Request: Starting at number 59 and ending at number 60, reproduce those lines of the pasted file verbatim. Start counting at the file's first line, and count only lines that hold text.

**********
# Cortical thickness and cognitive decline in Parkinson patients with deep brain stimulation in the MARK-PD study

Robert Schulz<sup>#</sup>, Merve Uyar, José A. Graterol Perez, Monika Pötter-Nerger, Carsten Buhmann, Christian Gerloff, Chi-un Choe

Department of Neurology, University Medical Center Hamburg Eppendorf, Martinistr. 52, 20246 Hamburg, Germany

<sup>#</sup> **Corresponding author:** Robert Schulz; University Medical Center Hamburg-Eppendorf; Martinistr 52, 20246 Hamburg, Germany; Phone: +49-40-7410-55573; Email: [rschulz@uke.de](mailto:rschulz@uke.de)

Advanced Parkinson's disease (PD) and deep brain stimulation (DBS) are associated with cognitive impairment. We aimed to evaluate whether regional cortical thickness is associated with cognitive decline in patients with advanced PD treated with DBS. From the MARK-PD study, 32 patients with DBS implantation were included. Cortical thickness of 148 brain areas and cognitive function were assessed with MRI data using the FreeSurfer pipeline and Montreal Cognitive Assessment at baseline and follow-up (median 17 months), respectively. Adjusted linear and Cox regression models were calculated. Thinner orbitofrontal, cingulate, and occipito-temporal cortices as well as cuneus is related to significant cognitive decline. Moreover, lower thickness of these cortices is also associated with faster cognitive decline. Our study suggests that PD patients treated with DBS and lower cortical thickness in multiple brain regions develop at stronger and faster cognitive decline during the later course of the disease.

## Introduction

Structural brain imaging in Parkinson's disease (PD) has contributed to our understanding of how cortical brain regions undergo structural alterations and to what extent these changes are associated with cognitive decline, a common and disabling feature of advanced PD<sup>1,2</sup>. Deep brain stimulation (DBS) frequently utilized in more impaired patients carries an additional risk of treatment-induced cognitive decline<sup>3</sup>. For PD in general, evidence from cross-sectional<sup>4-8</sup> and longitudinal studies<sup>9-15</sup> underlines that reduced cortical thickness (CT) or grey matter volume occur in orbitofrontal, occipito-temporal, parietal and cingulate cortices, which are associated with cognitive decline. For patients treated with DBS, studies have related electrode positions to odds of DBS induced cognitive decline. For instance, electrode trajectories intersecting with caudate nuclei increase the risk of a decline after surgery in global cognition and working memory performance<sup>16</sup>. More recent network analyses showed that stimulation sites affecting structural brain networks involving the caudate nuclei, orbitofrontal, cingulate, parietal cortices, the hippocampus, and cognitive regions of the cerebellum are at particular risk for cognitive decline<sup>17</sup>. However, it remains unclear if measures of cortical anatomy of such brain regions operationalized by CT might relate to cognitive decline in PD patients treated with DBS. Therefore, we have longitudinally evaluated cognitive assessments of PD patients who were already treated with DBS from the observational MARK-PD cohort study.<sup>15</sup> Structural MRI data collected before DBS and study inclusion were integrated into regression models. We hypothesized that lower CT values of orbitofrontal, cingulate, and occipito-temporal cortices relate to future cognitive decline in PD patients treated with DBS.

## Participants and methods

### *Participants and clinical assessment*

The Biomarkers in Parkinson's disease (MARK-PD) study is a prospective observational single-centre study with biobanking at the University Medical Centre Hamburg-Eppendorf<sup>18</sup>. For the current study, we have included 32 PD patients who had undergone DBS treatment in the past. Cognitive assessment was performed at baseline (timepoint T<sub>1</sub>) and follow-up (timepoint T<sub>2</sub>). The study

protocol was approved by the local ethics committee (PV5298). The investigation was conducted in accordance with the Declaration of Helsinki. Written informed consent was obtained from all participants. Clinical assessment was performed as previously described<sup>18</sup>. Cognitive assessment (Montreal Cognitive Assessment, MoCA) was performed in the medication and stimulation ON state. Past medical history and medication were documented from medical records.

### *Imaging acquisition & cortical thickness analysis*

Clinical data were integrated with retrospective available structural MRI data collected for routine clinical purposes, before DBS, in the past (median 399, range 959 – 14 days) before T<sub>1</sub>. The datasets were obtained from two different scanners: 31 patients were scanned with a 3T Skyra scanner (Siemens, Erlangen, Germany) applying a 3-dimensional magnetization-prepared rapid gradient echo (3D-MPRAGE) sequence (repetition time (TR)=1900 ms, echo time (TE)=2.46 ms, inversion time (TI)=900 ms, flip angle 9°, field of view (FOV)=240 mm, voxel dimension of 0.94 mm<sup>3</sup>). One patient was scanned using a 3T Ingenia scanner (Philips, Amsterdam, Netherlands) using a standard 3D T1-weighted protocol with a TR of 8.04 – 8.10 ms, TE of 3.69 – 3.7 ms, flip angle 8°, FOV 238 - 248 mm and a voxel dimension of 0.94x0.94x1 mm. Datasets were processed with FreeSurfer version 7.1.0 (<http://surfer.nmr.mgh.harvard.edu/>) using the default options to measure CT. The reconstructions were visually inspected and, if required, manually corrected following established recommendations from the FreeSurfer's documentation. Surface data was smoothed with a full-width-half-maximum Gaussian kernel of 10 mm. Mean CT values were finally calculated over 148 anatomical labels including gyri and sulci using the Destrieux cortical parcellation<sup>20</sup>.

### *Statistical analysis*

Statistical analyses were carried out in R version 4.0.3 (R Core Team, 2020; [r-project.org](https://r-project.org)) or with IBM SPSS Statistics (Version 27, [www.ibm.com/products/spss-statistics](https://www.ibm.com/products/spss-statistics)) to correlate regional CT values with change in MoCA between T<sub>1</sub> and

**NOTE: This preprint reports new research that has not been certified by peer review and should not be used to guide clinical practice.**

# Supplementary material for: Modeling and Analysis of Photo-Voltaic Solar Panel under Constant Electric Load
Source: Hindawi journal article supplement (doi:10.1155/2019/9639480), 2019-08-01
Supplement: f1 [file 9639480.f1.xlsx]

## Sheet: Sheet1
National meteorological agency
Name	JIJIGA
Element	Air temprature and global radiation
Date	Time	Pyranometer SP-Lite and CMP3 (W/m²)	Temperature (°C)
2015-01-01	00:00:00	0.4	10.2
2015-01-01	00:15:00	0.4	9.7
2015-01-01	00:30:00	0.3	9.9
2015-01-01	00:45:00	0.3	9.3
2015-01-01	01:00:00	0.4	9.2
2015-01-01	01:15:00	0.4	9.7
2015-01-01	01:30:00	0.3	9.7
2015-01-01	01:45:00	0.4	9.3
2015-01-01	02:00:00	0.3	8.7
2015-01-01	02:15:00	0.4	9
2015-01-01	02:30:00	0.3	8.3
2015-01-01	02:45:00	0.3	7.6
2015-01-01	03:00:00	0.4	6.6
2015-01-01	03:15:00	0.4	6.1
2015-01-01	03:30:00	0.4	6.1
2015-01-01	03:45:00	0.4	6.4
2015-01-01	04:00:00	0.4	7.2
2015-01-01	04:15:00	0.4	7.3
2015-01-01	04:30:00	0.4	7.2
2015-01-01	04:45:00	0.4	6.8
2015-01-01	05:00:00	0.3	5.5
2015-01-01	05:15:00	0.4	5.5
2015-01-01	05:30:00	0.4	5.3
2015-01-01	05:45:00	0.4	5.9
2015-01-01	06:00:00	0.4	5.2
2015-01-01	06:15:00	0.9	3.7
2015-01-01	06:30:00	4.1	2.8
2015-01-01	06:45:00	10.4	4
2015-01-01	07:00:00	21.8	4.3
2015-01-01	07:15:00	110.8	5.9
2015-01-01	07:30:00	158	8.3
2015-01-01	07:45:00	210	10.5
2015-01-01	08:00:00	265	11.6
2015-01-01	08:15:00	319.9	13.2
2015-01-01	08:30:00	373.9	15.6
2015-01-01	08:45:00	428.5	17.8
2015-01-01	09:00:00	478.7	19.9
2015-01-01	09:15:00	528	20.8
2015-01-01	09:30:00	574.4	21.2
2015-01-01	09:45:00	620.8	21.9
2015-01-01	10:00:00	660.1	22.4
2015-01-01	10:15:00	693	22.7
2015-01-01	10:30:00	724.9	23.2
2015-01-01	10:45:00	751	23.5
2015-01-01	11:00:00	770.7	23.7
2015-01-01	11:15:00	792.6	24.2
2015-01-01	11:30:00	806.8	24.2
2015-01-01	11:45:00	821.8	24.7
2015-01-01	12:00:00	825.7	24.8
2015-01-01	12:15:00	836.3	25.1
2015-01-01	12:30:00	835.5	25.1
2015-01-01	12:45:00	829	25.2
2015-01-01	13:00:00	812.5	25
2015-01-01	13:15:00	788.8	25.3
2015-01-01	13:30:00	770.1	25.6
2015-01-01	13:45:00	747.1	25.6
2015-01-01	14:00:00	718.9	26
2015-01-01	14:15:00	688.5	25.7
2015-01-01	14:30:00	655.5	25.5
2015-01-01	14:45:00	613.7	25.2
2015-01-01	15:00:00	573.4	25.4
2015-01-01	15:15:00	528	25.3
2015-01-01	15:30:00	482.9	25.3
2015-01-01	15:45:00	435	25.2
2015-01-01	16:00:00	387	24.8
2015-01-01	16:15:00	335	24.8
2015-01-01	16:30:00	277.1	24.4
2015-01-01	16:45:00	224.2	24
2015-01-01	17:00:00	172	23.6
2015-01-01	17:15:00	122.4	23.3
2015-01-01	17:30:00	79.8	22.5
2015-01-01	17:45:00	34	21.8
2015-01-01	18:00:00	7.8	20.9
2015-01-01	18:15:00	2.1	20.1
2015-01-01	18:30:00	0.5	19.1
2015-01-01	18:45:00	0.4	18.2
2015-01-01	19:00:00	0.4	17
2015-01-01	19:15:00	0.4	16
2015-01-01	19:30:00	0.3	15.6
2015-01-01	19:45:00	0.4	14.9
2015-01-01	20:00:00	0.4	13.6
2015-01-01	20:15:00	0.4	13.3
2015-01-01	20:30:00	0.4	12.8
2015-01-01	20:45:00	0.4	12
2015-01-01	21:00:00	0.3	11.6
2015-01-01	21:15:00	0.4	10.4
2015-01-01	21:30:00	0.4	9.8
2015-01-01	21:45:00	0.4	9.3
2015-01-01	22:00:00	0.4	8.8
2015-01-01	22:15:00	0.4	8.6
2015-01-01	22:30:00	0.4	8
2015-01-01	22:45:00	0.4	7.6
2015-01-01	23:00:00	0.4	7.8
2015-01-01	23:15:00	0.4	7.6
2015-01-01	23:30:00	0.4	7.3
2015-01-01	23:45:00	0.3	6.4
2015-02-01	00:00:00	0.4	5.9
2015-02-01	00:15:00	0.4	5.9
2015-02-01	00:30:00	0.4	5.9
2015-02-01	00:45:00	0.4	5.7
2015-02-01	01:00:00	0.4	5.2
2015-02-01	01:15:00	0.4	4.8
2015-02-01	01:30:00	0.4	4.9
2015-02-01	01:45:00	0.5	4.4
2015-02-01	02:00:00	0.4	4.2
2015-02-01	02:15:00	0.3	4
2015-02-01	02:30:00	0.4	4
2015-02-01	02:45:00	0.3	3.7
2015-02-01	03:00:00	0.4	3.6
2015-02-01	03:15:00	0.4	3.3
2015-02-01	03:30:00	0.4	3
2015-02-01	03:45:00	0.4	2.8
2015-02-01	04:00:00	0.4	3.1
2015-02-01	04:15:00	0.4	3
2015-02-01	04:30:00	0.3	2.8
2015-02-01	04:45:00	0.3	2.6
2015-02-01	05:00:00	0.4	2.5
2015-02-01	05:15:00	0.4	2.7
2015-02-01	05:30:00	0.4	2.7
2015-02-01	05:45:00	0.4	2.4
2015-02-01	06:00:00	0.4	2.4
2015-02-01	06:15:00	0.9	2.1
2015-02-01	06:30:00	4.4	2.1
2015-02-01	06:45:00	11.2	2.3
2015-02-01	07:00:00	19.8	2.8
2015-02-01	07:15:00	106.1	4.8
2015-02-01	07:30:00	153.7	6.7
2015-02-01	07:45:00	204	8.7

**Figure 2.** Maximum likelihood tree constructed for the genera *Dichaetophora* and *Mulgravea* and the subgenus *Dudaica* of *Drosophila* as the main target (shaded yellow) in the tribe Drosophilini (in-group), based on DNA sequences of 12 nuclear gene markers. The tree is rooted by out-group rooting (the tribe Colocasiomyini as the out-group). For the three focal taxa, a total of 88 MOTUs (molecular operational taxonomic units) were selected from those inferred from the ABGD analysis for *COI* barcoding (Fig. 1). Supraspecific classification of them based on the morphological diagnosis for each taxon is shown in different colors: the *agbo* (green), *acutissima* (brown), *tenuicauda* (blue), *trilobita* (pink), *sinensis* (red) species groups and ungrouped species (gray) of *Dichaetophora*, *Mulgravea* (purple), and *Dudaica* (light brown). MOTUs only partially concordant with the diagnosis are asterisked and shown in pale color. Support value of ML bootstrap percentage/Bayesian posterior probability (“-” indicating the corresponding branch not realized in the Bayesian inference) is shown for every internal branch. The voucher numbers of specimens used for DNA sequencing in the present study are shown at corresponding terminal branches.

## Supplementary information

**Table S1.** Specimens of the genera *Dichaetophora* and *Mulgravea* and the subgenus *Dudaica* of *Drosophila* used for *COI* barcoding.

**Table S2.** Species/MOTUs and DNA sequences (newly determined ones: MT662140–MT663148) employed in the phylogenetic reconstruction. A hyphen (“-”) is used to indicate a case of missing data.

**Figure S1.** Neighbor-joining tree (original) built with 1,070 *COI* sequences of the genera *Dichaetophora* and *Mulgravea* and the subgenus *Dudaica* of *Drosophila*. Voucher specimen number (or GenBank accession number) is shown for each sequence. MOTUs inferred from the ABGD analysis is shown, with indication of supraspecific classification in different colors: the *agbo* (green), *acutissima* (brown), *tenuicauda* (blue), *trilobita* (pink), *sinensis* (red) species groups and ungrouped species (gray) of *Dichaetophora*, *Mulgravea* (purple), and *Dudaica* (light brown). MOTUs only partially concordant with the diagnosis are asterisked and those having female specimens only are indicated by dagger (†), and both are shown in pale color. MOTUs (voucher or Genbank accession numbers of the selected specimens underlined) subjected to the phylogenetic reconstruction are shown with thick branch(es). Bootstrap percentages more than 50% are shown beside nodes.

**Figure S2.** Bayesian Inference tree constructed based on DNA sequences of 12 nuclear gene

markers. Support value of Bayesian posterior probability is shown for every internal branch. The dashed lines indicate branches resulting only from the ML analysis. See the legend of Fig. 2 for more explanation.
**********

2015-01-01	08:30:00	373.9	15.6
2015-01-01	08:45:00	428.5	17.8